An emotional Relay

Wednesday, August 7, 2013 - 19:00
Event raises cash, awareness for cancer fight
Teddy Krogh, a bagpiper with the Crow Creek Pipes and Drums group performs “Amazing Grace” during the Chugiak-Eagle River Relay for Life luminaria ceremony Friday, Aug. 2 at the McDonald Center in Eagle River. The ceremony, which featured lighted paper bags bearing the names of cancer victims, was held just after sunset on the first day of the all-night event.

Sometimes making donuts means making a difference.

At this year’s Chugiak-Eagle River Relay for Life, the fundraising team of Stevie Larson, Belicia Norris, Cindy Henie and Teresa Pitt dished donuts as their way of fighting cancer.

“I don’t want to see anybody else I love die,” said Larson, who said she’s lost several close family members to the nation’s second leading cause of death.

The four women staffed a donut-making booth at the annual fundraiser, which was held Aug. 2-3 at the McDonald Center in Eagle River. Dishing out hot, fresh, sugar-coated treats to the crowd was the women’s way of adding a tasty twist to the party-like atmosphere at the event.

“It’s a celebration,” Pitt said.

Although cancer is a deadly serious topic, event organizers said they strive to make Relay for Life a fun, uplifting event where people can celebrate the living while remembering those they’ve lost. This year’s program was similar to past years, with a survivor’s walk kicking things off in the early evening, followed by the somber luminaria ceremony at 11 p.m. and then a night’s worth of walking and activities designed to keep people up and walking around the makeshift track mowed into the field adjacent to the McDonald Center.

The idea behind the all-night event, according to event co-chair Heather Maidle, is to battle the deadly disease on its own terms.

“Cancer never sleeps,” Maidle said.

This year’s luminaria ceremony — in which the names of cancer victims were written on lighted paper bags circling the track — included a bagpiper playing from the Crow Creek Pipe and Drums band playing “Amazing Grace” as participants walked in silence around the track.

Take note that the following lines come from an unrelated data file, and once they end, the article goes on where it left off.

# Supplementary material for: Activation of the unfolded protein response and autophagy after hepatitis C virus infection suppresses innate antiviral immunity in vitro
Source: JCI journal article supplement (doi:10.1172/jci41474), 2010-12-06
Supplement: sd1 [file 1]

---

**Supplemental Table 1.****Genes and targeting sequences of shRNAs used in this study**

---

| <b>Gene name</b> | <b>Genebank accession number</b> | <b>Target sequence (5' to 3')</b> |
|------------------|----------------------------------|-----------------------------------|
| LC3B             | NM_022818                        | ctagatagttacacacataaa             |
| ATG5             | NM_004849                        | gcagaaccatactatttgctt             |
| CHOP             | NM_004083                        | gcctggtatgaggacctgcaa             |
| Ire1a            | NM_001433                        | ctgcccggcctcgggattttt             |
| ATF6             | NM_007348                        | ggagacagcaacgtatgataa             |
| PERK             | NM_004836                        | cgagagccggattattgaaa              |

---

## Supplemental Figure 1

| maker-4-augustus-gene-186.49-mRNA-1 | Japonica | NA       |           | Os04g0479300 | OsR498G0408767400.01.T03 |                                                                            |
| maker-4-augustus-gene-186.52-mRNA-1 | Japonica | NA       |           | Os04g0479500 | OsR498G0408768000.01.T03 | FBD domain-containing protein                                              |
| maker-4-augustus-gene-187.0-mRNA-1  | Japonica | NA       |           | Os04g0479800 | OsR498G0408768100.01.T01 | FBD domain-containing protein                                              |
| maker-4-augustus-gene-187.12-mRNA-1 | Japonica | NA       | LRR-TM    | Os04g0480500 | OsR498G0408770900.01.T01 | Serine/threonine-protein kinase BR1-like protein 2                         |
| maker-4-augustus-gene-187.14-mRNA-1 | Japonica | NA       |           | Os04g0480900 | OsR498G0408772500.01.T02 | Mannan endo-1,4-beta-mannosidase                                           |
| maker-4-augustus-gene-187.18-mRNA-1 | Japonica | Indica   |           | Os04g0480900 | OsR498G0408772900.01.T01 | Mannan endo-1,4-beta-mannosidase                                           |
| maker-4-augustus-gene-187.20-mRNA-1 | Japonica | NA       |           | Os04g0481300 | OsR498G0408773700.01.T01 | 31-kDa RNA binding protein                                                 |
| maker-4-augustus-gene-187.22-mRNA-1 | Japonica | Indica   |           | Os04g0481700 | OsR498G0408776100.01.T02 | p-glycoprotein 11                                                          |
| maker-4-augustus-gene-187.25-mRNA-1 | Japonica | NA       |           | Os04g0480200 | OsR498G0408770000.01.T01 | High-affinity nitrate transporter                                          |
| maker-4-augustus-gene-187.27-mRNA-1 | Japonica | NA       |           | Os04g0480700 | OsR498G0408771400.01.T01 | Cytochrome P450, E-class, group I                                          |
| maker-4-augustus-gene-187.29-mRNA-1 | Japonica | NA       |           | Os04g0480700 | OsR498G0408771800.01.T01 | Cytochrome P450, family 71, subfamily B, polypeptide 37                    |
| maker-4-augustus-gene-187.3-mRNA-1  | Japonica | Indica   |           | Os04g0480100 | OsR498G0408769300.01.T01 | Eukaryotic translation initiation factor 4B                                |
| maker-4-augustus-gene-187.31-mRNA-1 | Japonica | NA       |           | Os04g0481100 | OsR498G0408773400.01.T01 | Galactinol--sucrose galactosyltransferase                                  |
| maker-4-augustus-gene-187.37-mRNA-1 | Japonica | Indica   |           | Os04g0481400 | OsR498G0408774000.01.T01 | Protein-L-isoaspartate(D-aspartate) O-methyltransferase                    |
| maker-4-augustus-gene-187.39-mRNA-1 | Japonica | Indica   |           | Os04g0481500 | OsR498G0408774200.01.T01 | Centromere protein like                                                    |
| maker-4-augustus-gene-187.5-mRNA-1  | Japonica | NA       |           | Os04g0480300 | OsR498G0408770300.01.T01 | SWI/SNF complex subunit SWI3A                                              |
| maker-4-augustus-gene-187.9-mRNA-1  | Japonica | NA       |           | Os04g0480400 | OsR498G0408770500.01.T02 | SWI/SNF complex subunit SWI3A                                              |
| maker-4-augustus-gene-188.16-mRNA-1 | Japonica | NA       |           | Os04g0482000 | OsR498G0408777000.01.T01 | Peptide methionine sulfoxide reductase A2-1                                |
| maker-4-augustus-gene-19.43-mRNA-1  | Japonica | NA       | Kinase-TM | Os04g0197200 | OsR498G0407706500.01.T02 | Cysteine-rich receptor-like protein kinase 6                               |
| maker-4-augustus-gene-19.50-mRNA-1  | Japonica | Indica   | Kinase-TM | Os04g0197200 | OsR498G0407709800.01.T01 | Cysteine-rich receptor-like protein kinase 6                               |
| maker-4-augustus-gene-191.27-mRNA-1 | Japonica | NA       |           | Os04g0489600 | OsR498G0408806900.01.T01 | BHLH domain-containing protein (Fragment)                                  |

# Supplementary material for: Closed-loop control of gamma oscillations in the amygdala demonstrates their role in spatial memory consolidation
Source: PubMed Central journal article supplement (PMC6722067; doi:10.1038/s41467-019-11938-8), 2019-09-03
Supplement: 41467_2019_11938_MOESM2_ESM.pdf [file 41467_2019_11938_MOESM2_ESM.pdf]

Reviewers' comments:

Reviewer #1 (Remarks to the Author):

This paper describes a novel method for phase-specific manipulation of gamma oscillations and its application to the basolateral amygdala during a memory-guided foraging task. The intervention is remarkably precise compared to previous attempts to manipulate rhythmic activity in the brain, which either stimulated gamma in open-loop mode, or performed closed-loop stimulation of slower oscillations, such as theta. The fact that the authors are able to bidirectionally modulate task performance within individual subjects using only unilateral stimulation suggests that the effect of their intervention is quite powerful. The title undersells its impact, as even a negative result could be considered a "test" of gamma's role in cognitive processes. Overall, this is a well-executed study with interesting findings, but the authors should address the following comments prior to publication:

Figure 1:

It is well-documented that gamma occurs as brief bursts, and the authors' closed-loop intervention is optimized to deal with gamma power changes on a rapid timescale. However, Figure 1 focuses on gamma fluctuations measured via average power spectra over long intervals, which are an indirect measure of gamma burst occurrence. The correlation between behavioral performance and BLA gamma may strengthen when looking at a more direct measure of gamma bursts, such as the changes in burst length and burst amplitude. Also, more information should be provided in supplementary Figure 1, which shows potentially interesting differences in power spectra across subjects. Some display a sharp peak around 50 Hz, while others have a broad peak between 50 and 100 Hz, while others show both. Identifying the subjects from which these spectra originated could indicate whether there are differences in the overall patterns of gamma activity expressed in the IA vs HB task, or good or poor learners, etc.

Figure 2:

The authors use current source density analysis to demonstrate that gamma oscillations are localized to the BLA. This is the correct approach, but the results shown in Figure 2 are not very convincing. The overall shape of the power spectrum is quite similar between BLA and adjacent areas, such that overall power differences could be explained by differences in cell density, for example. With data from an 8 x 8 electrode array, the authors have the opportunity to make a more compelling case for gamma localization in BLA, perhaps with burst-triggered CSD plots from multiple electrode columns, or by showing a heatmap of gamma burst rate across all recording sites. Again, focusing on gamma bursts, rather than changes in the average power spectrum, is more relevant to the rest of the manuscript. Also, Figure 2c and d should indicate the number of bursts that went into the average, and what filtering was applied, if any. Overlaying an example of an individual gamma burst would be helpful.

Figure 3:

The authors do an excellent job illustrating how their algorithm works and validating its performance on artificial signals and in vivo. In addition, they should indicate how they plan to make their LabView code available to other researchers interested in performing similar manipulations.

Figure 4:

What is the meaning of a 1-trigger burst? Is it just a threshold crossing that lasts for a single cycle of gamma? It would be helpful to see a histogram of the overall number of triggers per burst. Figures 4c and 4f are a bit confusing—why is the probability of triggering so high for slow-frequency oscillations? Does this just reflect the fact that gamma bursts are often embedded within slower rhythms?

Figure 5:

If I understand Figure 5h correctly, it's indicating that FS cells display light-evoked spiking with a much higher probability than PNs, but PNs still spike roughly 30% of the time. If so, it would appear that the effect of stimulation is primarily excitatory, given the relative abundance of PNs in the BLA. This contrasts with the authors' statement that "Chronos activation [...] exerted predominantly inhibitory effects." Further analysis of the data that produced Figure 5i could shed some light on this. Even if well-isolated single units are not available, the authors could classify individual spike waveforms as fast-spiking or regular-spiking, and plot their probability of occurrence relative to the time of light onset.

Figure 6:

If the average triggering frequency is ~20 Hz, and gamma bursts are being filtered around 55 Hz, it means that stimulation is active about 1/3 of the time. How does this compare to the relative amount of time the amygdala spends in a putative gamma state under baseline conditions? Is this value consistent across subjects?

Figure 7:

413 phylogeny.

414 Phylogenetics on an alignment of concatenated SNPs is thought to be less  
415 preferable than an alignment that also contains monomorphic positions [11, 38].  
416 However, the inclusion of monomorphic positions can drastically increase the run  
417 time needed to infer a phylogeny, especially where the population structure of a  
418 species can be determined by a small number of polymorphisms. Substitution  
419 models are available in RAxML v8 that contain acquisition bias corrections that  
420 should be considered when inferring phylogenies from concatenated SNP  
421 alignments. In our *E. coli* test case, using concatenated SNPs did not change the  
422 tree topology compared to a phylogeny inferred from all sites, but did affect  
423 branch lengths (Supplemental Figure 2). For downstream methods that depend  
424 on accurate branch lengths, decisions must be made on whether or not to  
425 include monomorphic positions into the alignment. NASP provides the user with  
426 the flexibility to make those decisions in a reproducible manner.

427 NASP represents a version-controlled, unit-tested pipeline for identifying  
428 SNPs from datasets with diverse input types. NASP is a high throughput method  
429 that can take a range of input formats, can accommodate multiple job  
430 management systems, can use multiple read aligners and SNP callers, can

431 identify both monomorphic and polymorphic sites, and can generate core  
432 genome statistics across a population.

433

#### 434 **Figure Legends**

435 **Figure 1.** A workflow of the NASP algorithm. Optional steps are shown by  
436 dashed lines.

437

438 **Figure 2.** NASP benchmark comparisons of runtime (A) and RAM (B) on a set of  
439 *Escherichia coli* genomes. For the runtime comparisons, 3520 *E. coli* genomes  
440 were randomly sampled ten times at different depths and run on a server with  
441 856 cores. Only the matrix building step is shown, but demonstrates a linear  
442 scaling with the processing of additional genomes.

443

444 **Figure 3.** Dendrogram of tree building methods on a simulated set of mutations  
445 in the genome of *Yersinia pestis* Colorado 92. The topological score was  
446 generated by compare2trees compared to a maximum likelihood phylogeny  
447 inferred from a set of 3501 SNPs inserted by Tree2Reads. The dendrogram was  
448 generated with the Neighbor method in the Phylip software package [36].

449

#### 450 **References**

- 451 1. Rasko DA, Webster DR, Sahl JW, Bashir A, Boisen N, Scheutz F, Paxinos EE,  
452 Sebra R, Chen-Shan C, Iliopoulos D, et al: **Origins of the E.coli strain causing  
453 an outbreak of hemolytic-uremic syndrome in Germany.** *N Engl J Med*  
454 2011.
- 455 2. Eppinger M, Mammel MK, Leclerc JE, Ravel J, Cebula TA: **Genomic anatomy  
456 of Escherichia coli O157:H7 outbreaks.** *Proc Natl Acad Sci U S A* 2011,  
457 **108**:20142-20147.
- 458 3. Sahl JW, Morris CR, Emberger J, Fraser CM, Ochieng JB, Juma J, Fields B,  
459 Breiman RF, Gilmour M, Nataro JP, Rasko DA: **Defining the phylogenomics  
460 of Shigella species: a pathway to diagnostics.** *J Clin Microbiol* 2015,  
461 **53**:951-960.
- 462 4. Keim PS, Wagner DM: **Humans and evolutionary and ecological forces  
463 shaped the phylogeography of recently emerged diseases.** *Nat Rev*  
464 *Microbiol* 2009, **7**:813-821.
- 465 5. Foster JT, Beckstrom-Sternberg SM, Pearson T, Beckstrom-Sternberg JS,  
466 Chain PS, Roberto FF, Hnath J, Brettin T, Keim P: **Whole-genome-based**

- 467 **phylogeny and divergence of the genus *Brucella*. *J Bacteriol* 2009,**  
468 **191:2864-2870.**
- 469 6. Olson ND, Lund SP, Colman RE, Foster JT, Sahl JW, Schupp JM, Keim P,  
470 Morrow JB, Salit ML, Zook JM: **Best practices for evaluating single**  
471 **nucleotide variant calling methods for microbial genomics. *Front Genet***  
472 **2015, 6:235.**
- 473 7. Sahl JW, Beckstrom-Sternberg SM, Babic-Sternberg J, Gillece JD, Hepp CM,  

“That sets the mood for our whole luminaria,” Maidle said.

Following the ceremony, participants quickly went back to work having fun and showing their dedication to raising money for the cause.

“The last part is fighting back,” Maidle said.

Hundreds of people took part in this year’s fundraiser, which brought several tents and motor homes to the field. Although some people stopped by to walk for an hour or two, others Friday night said they planned to spend the entire evening at the event.

“That’s home tonight,” said Teresa Pitt, pointing to a large dome tent pitched behind her team’s donut booth.

In order to keep walkers’ spirits up overnight, Maidle said organizers planned numerous activities for participants, including a teen dance, games, nonstop music and late-night prizes.

“It gets really crazy,” Maidle said.

Many of the teams have been a part of Relay for Life for several years. Chugiak High sophomore Autumn Harth said she’s been leading a team of friends for three years. While handing out helium-filled balloons to fellow participants, both Harth and her teammate Madde Kunkel said they’ve been personally affected by cancer in their short lives.

“I just think it’s a fight worth fighting for,” Harth said.

Gloria Lewellyn was Maidle’s co-chair for this year’s event. Lewellyn said she first got involved with Relay for Life after a battle with breast cancer in 2007. In addition to helping organize the event, Lewellyn also enlisted plenty of help at her team’s fundriasing cotton candy and popcorn booth.

“The whole family is involved,” she said.

The highlight of each year’s relay, Lewellyn said, is the survivor’s walk at the beginning of the evening.

“To be around those long term survivors is great,” she said. “It gives you hope.”

One difference between this year’s relay and past events was no campfires were allowed due to a municipal burn ban — which also meant small bulbs shined from inside the luminarias instead of candles. Organizers took the change in stride.

“It’s not quite the same, but they still flicker pretty good,” Maidle said.

Maidle said the event raised nearly $55,000 for the fight against cancer, the vast majority of which stays in Alaska.

Maidle and Lewellyn said dozens of volunteers and local businesses stepped up to help with this year’s fundraiser, and the women were thrilled with the number of people who participated in the relay.

“That’s what’s so neat about it, because everyone comes out,” Maidle said. “Our community is awesome.”


Contact Matt Tunseth at 694-2727 or [email protected].

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